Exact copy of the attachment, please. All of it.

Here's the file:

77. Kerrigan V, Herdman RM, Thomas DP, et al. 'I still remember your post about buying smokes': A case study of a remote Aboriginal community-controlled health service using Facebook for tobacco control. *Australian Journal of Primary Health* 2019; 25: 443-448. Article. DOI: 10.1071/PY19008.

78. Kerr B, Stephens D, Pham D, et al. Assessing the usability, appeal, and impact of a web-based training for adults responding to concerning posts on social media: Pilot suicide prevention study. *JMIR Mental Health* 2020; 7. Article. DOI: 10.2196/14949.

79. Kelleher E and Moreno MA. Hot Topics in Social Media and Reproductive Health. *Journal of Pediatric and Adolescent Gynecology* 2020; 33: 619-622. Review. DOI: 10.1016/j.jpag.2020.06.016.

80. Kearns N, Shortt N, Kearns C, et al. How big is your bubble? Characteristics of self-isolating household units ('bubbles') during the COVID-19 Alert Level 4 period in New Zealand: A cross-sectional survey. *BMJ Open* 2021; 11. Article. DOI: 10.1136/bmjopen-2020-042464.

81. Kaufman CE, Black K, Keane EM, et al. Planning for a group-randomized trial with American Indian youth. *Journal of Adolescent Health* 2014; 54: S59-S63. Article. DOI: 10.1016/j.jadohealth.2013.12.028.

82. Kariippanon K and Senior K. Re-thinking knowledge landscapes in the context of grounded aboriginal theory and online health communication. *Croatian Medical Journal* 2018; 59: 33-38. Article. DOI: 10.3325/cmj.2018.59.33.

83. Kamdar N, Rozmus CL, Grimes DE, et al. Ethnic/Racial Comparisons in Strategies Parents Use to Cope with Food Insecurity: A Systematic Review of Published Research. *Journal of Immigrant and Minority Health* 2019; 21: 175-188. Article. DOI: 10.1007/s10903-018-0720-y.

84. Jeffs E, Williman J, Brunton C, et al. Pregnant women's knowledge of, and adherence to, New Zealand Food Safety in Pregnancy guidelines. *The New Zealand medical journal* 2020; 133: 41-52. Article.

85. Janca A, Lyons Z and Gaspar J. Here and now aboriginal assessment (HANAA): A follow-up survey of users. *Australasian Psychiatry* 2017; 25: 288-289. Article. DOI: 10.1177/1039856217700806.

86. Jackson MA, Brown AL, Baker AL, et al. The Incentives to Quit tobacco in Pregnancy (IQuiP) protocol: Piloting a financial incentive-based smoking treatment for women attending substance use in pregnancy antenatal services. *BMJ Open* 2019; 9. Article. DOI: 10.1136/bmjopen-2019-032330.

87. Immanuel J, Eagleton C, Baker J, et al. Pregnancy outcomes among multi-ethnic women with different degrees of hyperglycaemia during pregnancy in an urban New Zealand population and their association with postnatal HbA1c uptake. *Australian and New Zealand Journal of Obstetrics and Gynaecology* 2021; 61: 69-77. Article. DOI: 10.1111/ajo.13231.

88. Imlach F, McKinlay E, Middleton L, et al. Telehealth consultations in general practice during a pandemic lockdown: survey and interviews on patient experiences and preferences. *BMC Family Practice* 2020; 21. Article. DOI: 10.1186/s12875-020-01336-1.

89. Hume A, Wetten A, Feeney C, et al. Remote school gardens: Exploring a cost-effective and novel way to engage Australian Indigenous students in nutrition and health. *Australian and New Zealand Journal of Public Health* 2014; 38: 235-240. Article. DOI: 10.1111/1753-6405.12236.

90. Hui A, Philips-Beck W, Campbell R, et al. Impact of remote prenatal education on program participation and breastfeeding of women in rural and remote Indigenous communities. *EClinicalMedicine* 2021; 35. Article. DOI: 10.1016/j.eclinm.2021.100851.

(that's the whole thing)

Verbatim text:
77. Kerrigan V, Herdman RM, Thomas DP, et al. 'I still remember your post about buying smokes': A case study of a remote Aboriginal community-controlled health service using Facebook for tobacco control. *Australian Journal of Primary Health* 2019; 25: 443-448. Article. DOI: 10.1071/PY19008.

78. Kerr B, Stephens D, Pham D, et al. Assessing the usability, appeal, and impact of a web-based training for adults responding to concerning posts on social media: Pilot suicide prevention study. *JMIR Mental Health* 2020; 7. Article. DOI: 10.2196/14949.

79. Kelleher E and Moreno MA. Hot Topics in Social Media and Reproductive Health. *Journal of Pediatric and Adolescent Gynecology* 2020; 33: 619-622. Review. DOI: 10.1016/j.jpag.2020.06.016.

80. Kearns N, Shortt N, Kearns C, et al. How big is your bubble? Characteristics of self-isolating household units ('bubbles') during the COVID-19 Alert Level 4 period in New Zealand: A cross-sectional survey. *BMJ Open* 2021; 11. Article. DOI: 10.1136/bmjopen-2020-042464.

81. Kaufman CE, Black K, Keane EM, et al. Planning for a group-randomized trial with American Indian youth. *Journal of Adolescent Health* 2014; 54: S59-S63. Article. DOI: 10.1016/j.jadohealth.2013.12.028.

82. Kariippanon K and Senior K. Re-thinking knowledge landscapes in the context of grounded aboriginal theory and online health communication. *Croatian Medical Journal* 2018; 59: 33-38. Article. DOI: 10.3325/cmj.2018.59.33.

83. Kamdar N, Rozmus CL, Grimes DE, et al. Ethnic/Racial Comparisons in Strategies Parents Use to Cope with Food Insecurity: A Systematic Review of Published Research. *Journal of Immigrant and Minority Health* 2019; 21: 175-188. Article. DOI: 10.1007/s10903-018-0720-y.

84. Jeffs E, Williman J, Brunton C, et al. Pregnant women's knowledge of, and adherence to, New Zealand Food Safety in Pregnancy guidelines. *The New Zealand medical journal* 2020; 133: 41-52. Article.

85. Janca A, Lyons Z and Gaspar J. Here and now aboriginal assessment (HANAA): A follow-up survey of users. *Australasian Psychiatry* 2017; 25: 288-289. Article. DOI: 10.1177/1039856217700806.

86. Jackson MA, Brown AL, Baker AL, et al. The Incentives to Quit tobacco in Pregnancy (IQuiP) protocol: Piloting a financial incentive-based smoking treatment for women attending substance use in pregnancy antenatal services. *BMJ Open* 2019; 9. Article. DOI: 10.1136/bmjopen-2019-032330.

87. Immanuel J, Eagleton C, Baker J, et al. Pregnancy outcomes among multi-ethnic women with different degrees of hyperglycaemia during pregnancy in an urban New Zealand population and their association with postnatal HbA1c uptake. *Australian and New Zealand Journal of Obstetrics and Gynaecology* 2021; 61: 69-77. Article. DOI: 10.1111/ajo.13231.

88. Imlach F, McKinlay E, Middleton L, et al. Telehealth consultations in general practice during a pandemic lockdown: survey and interviews on patient experiences and preferences. *BMC Family Practice* 2020; 21. Article. DOI: 10.1186/s12875-020-01336-1.

89. Hume A, Wetten A, Feeney C, et al. Remote school gardens: Exploring a cost-effective and novel way to engage Australian Indigenous students in nutrition and health. *Australian and New Zealand Journal of Public Health* 2014; 38: 235-240. Article. DOI: 10.1111/1753-6405.12236.

90. Hui A, Philips-Beck W, Campbell R, et al. Impact of remote prenatal education on program participation and breastfeeding of women in rural and remote Indigenous communities. *EClinicalMedicine* 2021; 35. Article. DOI: 10.1016/j.eclinm.2021.100851.